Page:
From June 2002 A factory approved Dual Fuel Petrol-Liquid Petroleum Gas conversion was available in the UK on 1.8-litre 75 models only. The LPG conversion was an aftermarket undertaking approved by MG Rover. Developed by EcoGas Systems Ltd and Landi Renzo S.R.L. in conjunction with MG Rover Powertrain Limited, the conversion was ordered from Rover dealerships, the cars retaining the three-year factory warranty. Also in 2002 the Rover 75 van den Plas was launched at the Geneva Motor Show. Developed in conjunction with specialist vehicle builder S. MacNeillie & Son Limited in Walsall, England, the model was stretched by 200mm in the rear floorpan, with longer rear doors the only visual clue to the changes made. Available only in the Connoisseur specification, production moved to Longbridge after an intitial short run by the coachbuilding partner.
In early 2004, Rover face-lifted the design of the 75 to a less retro, more European, look. Changes were restricted to bolt-on components, with new bumpers front and rear, mirrors, lights and grille. Rover also added a new trim to the range called Contemporary which featured revised fittings. This refresh received mixed reactions from the media but allowed the vehicle to see production continue. The Rover 75 V8 was created as means of proving MG Rovers engineering expertise and to attract a development partner to the company. The car was extensively re-engineered to accommodate a 4.6 litre V8 unit (obtained from Ford and used in the Mustang), driving the rear wheels to give a car with much higher performance, taking advantage of the stiffening tunnel in the body structure. These cars were built on the standard production line, and then removed to allow the necessary structural modifications to be carried out. The cars were then returned to the trimming lines for completion. Just under 900 were produced in both saloon and Tourer (estate or wagon) carrying either Rover 75 or MG ZT trim. The cars had numerous differences to the standard versions, drive train not withstanding, with non standard heating/ ventilation, and brakes and suspension capable of dealing with the extra power. Externally, there is little to indicate what is under the bonnet, other than quad exhaust pipes and a couple of subtle badges, although a large 'V8 grille' was fitted to some cars following the 2004 facelift. They are likely to become sought after as classics. A heavily modified MG ZT-T V8, known as the X-15 broke the speed record for a non-production estate car on Bonneville Salt Flats in September 2003, achieving 225.609 mph (363.082 km/h). The engine was bored out to 6 litre producing 765 bhp (570 kW; 776 PS), but remained normally aspirated.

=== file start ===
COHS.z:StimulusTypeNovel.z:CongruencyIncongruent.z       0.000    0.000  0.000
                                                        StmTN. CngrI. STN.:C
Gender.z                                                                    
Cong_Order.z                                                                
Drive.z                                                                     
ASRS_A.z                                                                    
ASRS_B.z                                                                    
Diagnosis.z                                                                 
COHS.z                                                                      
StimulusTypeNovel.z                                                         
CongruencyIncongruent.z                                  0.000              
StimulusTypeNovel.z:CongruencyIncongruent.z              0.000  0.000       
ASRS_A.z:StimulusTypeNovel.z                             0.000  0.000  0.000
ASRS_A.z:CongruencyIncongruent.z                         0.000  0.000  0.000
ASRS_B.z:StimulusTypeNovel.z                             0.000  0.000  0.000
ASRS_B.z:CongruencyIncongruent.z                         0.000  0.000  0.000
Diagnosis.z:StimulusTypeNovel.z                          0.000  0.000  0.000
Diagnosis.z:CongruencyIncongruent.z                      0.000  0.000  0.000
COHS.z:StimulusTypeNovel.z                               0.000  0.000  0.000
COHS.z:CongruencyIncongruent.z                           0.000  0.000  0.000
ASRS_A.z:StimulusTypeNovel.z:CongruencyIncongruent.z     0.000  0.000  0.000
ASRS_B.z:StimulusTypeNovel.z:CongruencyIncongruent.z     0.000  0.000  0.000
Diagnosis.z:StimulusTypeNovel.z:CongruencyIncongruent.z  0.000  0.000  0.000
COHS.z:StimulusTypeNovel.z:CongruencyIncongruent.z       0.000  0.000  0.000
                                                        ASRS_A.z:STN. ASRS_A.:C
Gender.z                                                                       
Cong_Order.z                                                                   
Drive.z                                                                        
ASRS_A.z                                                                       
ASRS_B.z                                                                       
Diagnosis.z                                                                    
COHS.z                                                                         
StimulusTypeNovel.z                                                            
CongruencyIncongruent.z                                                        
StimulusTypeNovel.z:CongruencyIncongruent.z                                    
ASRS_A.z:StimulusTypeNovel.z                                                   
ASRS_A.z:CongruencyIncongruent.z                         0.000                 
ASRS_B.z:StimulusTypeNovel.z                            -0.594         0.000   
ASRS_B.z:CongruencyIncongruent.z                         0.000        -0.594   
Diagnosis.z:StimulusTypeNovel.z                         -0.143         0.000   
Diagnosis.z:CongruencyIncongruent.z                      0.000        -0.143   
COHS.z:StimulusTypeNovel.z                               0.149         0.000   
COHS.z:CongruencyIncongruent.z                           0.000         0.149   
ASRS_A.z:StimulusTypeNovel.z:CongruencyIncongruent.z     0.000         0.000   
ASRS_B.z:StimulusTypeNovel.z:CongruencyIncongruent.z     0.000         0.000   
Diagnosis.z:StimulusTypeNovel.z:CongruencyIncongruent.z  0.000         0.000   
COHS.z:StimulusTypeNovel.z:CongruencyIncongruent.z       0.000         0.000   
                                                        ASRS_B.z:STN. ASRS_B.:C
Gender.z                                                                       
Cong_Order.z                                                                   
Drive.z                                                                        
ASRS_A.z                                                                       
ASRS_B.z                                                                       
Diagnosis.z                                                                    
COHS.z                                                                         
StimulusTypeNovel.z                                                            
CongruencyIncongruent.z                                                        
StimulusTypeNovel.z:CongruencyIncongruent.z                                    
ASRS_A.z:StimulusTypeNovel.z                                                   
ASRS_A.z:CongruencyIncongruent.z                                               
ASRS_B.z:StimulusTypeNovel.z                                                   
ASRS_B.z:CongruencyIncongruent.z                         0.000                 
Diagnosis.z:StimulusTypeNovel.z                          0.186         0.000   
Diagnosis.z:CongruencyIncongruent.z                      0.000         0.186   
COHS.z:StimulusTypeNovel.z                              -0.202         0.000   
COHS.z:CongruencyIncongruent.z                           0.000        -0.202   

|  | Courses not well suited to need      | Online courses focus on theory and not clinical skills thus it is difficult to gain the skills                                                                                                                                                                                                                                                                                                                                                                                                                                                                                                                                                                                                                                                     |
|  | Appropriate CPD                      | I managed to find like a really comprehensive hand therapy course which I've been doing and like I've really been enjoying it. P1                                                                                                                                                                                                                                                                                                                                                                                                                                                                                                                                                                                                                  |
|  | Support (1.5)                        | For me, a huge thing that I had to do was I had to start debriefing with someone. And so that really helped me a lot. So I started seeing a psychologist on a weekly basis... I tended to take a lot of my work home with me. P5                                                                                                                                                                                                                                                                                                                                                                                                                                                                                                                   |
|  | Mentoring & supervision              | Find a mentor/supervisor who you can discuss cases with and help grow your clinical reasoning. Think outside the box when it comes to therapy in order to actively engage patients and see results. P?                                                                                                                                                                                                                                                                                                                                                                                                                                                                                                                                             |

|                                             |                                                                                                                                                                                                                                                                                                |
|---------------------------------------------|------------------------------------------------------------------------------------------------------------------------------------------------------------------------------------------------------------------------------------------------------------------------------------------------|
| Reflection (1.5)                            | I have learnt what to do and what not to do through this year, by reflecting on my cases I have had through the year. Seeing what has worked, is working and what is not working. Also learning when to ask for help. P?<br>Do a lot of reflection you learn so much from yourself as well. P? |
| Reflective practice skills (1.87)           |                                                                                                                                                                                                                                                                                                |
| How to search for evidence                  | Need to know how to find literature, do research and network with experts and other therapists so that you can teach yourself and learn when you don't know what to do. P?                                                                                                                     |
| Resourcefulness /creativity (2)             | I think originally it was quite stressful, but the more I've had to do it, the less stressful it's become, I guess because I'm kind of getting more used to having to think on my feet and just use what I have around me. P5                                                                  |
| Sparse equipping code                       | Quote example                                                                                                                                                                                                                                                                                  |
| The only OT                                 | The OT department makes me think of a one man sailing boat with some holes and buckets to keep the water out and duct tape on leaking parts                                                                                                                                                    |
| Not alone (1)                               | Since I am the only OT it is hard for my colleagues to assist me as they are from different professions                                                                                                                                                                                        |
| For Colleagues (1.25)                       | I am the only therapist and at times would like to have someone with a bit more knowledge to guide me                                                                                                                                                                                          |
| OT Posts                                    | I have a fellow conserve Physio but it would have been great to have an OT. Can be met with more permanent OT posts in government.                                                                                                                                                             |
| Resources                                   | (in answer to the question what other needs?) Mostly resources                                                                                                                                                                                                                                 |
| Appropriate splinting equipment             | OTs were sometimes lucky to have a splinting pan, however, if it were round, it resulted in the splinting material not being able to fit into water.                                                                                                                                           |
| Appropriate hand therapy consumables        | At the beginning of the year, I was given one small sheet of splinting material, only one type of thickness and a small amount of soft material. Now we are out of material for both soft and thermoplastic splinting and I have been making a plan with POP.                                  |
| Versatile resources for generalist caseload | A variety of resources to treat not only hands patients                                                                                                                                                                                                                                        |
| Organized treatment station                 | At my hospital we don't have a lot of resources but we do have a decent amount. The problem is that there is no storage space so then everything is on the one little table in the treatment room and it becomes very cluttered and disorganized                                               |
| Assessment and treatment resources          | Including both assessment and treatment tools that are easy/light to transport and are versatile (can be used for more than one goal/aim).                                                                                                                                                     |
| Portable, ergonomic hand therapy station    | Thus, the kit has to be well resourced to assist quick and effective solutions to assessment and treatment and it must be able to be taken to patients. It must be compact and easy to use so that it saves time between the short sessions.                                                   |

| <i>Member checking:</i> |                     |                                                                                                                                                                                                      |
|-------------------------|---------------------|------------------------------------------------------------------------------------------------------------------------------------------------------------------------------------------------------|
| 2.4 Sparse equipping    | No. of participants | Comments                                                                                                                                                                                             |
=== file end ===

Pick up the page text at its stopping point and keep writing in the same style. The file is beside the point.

Since its launch, the 75 has been one of the most popular ministerial cars in the British Government. Various Ministers are driven around in 75s and Tony Blair had access to a 75 Limousine while he was in power, but was never seen in it.
Production of the Rover 75 and MG ZT ceased when MG Rover Group went into administration in April 2005. The Rover 75 design was purchased by Shanghai Automotive Industry Corporation (SAIC) in early 2005, although the new MG Rover Group owner, Nanjing Automobile (Group) Corporation (NAC) acquired the tooling for the car. Both companies launched revised versions of the 75/ZT in China. SAIC's model was named the Roewe 750 (following the purchase of the Rover brand by Ford, the Roewe marque was created by SAIC for use worldwide) and NAC's the MG 7.
|Engine||No. Cyl.||Fuel||Induction||Power||Torque||0-60 mph (97 km/h)||Maximum Speed||Fuel Consumption||Production||Manufacturer|
|1.8||I4||Petrol||NA||120 PS (88 kW; 118 bhp)||160 N·m (120 lb·ft)||10.9||121 mph (195 km/h)||7.7 L/100 km (37 mpg)||1999-2005||MG Rover|
|150 PS (110 kW; 148 bhp)||215 N·m (159 lb·ft)||9.1||130 mph (210 km/h)||8 L/100 km (35 mpg)||2002-2005||MG Rover|
|2.0||V6||Petrol||NA||150 PS (110 kW; 148 bhp)||184 N·m (136 lb·ft)||9.6||130 mph (210 km/h)||9.4 L/100 km (30 mpg)||1999-2002||MG Rover|
|2.5||V6||Petrol||NA||177 PS (130 kW; 175 bhp)||240 N·m (180 lb·ft)||8.2||137 mph (220 km/h)||9.6 L/100 km (29 mpg)||1999-2005||MG Rover|
|4.6||V8||Petrol||NA||260 PS (191 kW; 256 bhp)||409 N·m (302 lb·ft)||7.0||151 mph (243 km/h)||13.4 L/100 km (21.1 mpb)||2003-2005||Ford|
|116 PS (85 kW; 114 bhp)||260 N·m (190 lb·ft)||11.0||120 mph (190 km/h)||7.8 L/100 km (37 mpg)||1999-2005||BMW|
|131 PS (96 kW; 129 bhp)||299 N·m (221 lb·ft)||10.3||120 mph (190 km/h)||9.8 L/100 km (29 mpg)||1999-2005||BMW|
2.0 CDT fuel consumption can be as little as 5 L/100 km (58 mpg) with average speed of 55-65 mph,
up to 10.5 l/100 km in a heavy city traffic.